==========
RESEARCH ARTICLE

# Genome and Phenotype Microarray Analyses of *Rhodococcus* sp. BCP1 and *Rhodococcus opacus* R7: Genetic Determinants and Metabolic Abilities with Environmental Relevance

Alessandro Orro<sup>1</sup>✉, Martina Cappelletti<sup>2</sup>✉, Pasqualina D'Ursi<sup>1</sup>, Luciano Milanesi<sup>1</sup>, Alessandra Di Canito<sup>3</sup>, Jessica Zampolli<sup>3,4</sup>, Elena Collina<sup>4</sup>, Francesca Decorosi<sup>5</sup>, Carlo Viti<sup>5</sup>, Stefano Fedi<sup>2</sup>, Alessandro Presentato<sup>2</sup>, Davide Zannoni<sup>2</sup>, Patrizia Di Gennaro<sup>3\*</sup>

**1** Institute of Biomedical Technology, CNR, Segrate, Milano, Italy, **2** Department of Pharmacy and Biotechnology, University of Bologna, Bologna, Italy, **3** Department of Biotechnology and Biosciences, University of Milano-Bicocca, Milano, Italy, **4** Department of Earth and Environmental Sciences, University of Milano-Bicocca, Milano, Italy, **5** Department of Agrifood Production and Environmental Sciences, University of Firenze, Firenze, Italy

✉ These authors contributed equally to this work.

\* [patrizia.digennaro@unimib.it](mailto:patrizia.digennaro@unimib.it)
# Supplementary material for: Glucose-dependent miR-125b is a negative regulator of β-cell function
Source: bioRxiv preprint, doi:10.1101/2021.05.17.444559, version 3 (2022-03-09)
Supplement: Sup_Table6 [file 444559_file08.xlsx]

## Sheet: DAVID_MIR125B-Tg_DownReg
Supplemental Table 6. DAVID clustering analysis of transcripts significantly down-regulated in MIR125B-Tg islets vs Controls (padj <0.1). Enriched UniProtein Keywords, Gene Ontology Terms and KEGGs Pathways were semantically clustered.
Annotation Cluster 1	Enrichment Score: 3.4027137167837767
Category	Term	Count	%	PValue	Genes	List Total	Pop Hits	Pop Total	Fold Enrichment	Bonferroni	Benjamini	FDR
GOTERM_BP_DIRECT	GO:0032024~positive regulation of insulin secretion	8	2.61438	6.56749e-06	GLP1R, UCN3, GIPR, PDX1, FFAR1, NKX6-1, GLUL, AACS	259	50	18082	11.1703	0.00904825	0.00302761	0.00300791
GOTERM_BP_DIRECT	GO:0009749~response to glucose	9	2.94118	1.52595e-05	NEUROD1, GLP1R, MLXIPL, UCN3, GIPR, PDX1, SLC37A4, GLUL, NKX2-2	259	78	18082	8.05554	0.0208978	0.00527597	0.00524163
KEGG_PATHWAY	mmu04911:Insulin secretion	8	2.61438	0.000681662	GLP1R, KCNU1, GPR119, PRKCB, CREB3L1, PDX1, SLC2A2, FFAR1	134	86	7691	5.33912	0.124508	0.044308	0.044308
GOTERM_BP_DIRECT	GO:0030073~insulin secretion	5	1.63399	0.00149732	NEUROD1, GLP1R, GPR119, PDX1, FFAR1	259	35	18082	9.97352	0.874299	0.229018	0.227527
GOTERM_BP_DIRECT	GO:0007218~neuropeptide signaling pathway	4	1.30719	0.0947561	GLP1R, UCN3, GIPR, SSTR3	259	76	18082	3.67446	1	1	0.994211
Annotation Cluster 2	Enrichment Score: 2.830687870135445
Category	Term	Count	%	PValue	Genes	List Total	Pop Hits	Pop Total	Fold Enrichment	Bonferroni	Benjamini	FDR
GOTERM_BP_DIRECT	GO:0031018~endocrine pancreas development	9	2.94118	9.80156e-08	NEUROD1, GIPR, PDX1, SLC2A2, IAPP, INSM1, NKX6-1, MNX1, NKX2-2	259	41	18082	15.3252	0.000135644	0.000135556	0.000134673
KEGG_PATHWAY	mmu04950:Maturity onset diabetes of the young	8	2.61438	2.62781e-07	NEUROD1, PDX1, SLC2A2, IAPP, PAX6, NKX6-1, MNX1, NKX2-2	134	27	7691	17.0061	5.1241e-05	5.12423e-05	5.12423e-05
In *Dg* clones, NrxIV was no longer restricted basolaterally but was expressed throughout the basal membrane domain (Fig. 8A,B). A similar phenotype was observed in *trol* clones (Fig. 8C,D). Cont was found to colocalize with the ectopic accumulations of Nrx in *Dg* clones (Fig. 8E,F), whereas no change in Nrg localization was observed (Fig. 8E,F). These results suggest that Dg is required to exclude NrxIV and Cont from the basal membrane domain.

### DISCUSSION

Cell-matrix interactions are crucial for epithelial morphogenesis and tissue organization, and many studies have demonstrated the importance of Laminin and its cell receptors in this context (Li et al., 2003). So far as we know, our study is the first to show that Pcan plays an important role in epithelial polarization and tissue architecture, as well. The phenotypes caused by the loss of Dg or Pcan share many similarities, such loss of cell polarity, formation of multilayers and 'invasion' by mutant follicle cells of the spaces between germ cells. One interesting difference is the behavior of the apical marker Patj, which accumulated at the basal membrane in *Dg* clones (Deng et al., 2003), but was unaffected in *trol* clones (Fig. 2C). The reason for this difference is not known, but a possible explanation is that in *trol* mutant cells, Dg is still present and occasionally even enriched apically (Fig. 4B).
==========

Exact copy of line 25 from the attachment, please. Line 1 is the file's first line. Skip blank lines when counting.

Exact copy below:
Cell-matrix interactions are crucial for epithelial morphogenesis and tissue organization, and many studies have demonstrated the importance of Laminin and its cell receptors in this context (Li et al., 2003). So far as we know, our study is the first to show that Pcan plays an important role in epithelial polarization and tissue architecture, as well. The phenotypes caused by the loss of Dg or Pcan share many similarities, such loss of cell polarity, formation of multilayers and 'invasion' by mutant follicle cells of the spaces between germ cells. One interesting difference is the behavior of the apical marker Patj, which accumulated at the basal membrane in *Dg* clones (Deng et al., 2003), but was unaffected in *trol* clones (Fig. 2C). The reason for this difference is not known, but a possible explanation is that in *trol* mutant cells, Dg is still present and occasionally even enriched apically (Fig. 4B).